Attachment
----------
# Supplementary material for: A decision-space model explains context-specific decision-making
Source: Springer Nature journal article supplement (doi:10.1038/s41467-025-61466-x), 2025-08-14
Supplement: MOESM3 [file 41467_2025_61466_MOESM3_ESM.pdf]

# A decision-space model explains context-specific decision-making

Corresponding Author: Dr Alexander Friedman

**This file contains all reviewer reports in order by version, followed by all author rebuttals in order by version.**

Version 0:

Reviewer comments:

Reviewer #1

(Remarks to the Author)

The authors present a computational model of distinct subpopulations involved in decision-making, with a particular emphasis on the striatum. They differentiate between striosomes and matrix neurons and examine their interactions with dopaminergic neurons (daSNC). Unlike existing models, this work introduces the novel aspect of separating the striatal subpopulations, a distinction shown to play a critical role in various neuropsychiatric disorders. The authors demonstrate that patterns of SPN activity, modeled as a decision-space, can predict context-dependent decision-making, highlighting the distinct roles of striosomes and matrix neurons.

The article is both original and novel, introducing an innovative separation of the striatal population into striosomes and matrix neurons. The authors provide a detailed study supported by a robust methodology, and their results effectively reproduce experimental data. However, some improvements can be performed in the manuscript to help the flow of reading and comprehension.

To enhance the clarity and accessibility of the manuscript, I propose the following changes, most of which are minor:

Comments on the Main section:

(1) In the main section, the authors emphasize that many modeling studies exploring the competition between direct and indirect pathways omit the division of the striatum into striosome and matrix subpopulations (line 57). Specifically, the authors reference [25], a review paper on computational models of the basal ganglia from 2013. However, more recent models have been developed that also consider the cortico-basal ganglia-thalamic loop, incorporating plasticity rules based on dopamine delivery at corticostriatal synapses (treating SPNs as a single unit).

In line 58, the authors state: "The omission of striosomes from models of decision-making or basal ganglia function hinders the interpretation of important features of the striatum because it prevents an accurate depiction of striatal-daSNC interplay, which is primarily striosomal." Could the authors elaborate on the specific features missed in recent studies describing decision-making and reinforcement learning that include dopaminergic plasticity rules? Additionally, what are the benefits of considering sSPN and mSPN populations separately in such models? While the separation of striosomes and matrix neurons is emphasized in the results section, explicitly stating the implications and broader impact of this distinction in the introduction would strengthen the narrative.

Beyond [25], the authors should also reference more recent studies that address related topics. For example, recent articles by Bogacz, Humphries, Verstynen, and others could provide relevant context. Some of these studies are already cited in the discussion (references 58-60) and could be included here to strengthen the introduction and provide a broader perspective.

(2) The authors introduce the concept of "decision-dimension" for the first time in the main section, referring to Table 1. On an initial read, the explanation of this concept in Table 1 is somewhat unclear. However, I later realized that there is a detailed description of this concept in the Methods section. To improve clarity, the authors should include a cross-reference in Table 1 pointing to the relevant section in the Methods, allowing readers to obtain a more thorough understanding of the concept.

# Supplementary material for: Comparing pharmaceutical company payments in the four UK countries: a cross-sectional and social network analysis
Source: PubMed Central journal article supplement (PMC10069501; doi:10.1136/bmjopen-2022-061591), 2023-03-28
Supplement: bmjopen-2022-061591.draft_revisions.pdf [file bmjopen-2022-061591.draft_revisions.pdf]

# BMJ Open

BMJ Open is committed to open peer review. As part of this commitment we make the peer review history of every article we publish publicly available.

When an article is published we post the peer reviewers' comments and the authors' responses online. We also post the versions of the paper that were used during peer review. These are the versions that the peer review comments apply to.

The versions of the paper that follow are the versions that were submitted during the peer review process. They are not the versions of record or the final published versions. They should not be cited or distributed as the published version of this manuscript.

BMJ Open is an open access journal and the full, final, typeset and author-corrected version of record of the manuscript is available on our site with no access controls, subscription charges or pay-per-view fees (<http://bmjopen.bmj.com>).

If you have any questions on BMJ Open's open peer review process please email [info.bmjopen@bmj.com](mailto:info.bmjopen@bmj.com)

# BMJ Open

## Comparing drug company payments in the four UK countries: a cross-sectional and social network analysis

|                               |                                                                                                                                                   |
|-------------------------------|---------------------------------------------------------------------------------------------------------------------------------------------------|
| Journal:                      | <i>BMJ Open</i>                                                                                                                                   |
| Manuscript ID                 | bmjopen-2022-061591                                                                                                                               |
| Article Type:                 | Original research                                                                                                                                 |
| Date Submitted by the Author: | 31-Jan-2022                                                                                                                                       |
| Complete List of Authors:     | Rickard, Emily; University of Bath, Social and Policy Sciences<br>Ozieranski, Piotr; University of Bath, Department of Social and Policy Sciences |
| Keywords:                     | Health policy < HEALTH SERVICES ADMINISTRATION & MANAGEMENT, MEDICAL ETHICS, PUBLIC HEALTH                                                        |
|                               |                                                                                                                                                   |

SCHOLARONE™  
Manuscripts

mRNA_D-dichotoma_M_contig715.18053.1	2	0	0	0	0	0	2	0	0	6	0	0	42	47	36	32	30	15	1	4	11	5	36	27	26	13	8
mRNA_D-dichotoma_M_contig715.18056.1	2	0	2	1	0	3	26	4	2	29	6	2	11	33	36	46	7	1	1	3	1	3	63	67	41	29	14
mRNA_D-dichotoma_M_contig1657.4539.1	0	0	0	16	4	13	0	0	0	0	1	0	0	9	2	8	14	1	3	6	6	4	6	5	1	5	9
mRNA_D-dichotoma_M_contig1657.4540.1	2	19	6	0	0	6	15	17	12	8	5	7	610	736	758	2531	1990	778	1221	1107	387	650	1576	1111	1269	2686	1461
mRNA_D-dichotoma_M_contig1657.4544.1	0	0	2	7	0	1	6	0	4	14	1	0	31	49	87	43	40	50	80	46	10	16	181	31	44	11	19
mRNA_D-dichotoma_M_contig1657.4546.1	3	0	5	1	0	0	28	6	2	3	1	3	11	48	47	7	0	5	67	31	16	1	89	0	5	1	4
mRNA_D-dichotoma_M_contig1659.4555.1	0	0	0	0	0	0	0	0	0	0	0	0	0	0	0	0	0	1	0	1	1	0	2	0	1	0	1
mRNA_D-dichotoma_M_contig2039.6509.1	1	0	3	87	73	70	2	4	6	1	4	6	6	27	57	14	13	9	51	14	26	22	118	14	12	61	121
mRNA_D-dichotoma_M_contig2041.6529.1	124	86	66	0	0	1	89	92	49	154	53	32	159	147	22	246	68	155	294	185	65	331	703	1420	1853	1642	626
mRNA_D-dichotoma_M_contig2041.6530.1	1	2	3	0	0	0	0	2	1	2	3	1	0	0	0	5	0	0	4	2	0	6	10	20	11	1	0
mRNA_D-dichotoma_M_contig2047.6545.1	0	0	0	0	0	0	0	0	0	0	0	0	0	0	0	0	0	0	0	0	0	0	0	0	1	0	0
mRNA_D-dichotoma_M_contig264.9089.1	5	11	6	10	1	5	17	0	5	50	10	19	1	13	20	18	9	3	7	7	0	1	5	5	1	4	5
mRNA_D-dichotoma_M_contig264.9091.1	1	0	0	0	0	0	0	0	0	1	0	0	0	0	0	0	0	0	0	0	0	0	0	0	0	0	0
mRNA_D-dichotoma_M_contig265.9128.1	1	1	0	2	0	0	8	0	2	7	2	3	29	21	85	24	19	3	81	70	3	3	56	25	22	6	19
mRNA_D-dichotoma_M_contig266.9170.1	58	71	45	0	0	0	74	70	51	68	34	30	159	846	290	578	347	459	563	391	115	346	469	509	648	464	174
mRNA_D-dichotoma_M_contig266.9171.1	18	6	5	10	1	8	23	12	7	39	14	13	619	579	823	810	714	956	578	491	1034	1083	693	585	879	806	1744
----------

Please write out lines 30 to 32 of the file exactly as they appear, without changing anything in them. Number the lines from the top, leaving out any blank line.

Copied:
|                               |                                                                                                                                                   |
|-------------------------------|---------------------------------------------------------------------------------------------------------------------------------------------------|
| Journal:                      | <i>BMJ Open</i>                                                                                                                                   |